Diseases that are caused by genetic mutations present during embryo or fetal development, although they may be observed later in life. The mutations may be inherited from a parent's genome or they may be acquired in utero. [from MeSH]

MedGen UID:
181981
Concept ID:
C0950123
Disease or Syndrome
11.

Metabolic disease

Metabolism is the process your body uses to get or make energy from the food you eat. Food is made up of proteins, carbohydrates, and fats. Chemicals in your digestive system break the food parts down into sugars and acids, your body's fuel. Your body can use this fuel right away, or it can store the energy in your body tissues, such as your liver, muscles, and body fat. A metabolic disorder occurs when abnormal chemical reactions in your body disrupt this process. When this happens, you might have too much of some substances or too little of other ones that you need to stay healthy. . You can develop a metabolic disorder when some organs, such as your liver or pancreas, become diseased or do not function normally. Diabetes is an example. .  [from MedlinePlus]

MedGen UID:
44376
Concept ID:
C0025517
Disease or Syndrome
12.

Neuromuscular Diseases

Neuromuscular disorders affect the nerves that control your voluntary muscles. Voluntary muscles are the ones you can control, like in your arms and legs. Your nerve cells, also called neurons, send the messages that control these muscles. When the neurons become unhealthy or die, communication between your nervous system and muscles breaks down. As a result, your muscles weaken and waste away. The weakness can lead to twitching, cramps, aches and pains, and joint and movement problems. Sometimes it also affects heart function and your ability to breathe. Examples of neuromuscular disorders include. -Amyotrophic lateral sclerosis. -Multiple sclerosis. -Myasthenia gravis. -Spinal muscular atrophy. Many neuromuscular diseases are genetic, which means they run in families or there is a mutation in your genes. Sometimes, an immune system disorder can cause them. Most of them have no cure. The goal of treatment is to improve symptoms, increase mobility and lengthen life.  [from MedlinePlus]

MedGen UID:
10323
Concept ID:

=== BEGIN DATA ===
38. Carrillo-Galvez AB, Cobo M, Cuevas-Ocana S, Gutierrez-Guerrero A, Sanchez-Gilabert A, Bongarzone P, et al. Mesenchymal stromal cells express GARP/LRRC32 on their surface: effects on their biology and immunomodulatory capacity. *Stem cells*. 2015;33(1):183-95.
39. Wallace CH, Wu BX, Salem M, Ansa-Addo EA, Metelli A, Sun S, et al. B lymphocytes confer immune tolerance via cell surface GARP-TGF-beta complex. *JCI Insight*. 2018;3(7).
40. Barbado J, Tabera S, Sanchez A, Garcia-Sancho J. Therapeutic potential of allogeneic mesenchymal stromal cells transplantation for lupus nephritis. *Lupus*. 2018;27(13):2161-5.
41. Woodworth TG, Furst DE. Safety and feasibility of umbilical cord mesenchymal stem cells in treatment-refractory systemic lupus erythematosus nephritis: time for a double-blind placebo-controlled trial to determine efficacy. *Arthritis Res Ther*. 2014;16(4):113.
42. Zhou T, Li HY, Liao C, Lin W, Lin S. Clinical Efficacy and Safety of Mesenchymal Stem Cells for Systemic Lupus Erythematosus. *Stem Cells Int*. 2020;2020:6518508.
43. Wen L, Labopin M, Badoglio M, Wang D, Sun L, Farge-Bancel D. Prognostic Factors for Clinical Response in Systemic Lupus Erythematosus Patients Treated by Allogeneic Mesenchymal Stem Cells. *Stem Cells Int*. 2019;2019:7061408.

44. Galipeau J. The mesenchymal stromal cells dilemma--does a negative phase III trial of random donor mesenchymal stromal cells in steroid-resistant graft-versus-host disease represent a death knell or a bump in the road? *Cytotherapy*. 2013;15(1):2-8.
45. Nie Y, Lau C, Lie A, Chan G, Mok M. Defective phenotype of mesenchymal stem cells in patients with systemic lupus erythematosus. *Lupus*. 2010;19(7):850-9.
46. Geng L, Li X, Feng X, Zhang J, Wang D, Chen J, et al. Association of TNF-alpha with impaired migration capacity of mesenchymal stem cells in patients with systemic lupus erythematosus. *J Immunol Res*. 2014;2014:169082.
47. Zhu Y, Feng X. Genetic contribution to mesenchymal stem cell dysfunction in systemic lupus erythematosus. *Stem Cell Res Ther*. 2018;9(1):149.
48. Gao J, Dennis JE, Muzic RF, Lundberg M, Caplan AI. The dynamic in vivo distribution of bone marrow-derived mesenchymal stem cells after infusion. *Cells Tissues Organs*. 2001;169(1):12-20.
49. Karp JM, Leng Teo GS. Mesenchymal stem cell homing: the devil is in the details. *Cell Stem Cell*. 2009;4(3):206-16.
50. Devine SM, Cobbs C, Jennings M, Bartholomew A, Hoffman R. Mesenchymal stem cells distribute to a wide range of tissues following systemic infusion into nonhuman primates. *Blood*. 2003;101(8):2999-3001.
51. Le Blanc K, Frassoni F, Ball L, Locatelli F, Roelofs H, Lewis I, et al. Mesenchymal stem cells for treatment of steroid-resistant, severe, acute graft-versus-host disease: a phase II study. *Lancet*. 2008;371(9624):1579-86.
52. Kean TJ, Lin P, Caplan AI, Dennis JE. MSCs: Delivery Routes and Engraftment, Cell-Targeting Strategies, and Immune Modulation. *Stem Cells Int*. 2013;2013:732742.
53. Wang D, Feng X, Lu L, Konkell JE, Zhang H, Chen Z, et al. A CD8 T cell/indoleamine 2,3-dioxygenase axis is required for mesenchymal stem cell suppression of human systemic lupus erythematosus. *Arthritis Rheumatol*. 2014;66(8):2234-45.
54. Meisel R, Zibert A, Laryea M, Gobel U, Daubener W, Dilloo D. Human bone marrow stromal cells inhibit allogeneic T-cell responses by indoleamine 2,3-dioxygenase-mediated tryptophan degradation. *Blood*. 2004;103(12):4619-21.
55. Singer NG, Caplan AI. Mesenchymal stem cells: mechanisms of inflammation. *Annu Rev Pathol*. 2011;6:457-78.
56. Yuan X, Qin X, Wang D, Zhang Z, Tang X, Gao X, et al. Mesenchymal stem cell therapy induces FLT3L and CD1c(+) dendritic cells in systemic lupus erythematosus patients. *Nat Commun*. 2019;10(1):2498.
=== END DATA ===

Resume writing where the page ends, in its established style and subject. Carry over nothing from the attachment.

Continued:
C0027868
Disease or Syndrome
13.

Myopathy

Your muscles help you move and help your body work. Different types of muscles have different jobs. There are many problems that can affect muscles. Muscle disorders can cause weakness, pain or even paralysis. . Causes of muscle disorders include. -Injury or overuse, such as sprains or strains, cramps or tendinitis . -A genetic disorder, such as muscular dystrophy. -Some cancers. -Inflammation, such as myositis. -Diseases of nerves that affect muscles. -Infections. -Certain medicines. Sometimes the cause is not known.  [from MedlinePlus]

MedGen UID:
10135
Concept ID:
C0026848
Disease or Syndrome
14.

Tibialis muscle weakness

Muscle weakness affecting the tibialis anterior muscle. [from HPO]

MedGen UID:
870178
Concept ID:
C4024612
Finding
15.

Hypokalemic periodic paralysis 1

Hypokalemic periodic paralysis (HOKPP) is a condition in which affected individuals may experience paralytic episodes with concomitant hypokalemia (<2.5 mmol/L), and occasionally may develop late-onset proximal myopathy. The paralytic attacks are characterized by reversible flaccid paralysis usually leading to paraparesis or tetraparesis but typically sparing the respiratory muscles and heart. Acute paralytic crises usually last at least several hours and sometimes days. Some individuals have only one episode in a lifetime; more commonly, crises occur repeatedly: daily, weekly, monthly, or less often. The major triggering factors are carbohydrate-rich meals and rest after exercise; rarely, cold-induced hypokalemic paralysis has been reported. The interval between crises may vary and may be prolonged by preventive treatment with potassium salts or acetazolamide. The age of onset of the first attack ranges from one to 20 years; the frequency of attacks is highest between ages 15 and 35 and then decreases with age. A variable myopathy develops in at least 25% of affected individuals and may result in a progressive fixed muscle weakness that manifests at variable ages as exercise intolerance predominantly in the lower limbs. It may occur independent of paralytic symptoms and may be the sole manifestation of HOKPP. Individuals with HOKPP are at increased risk for pre- or post-anesthetic weakness and may be at an increased risk for malignant hyperthermia – though not as great a risk as in individuals with true autosomal dominant malignant hyperthermia susceptibility (MHS). [from GeneReviews]

MedGen UID:
811387
Concept ID:
C3714580
Disease or Syndrome
16.

Tibialis muscle weakness

Muscle weakness affecting the tibialis anterior muscle. [from HPO]

MedGen UID:
446968
Concept ID:
CN007885
Finding
17.

Potassium aggravated myotonia

In a report on the 37th ENMC Workshop, Rudel and Lehmann-Horn (1997) stated that the sodium channelopathies can be divided into 3 different forms: paramyotonia, potassium-aggravated myotonia, and periodic paralysis. Potassium-aggravated myotonia includes mild myotonia fluctuans, severe myotonia permanens, and acetazolamide-responsive myotonia. [from OMIM]

MedGen UID:
156269
Concept ID:
C0752355
Disease or Syndrome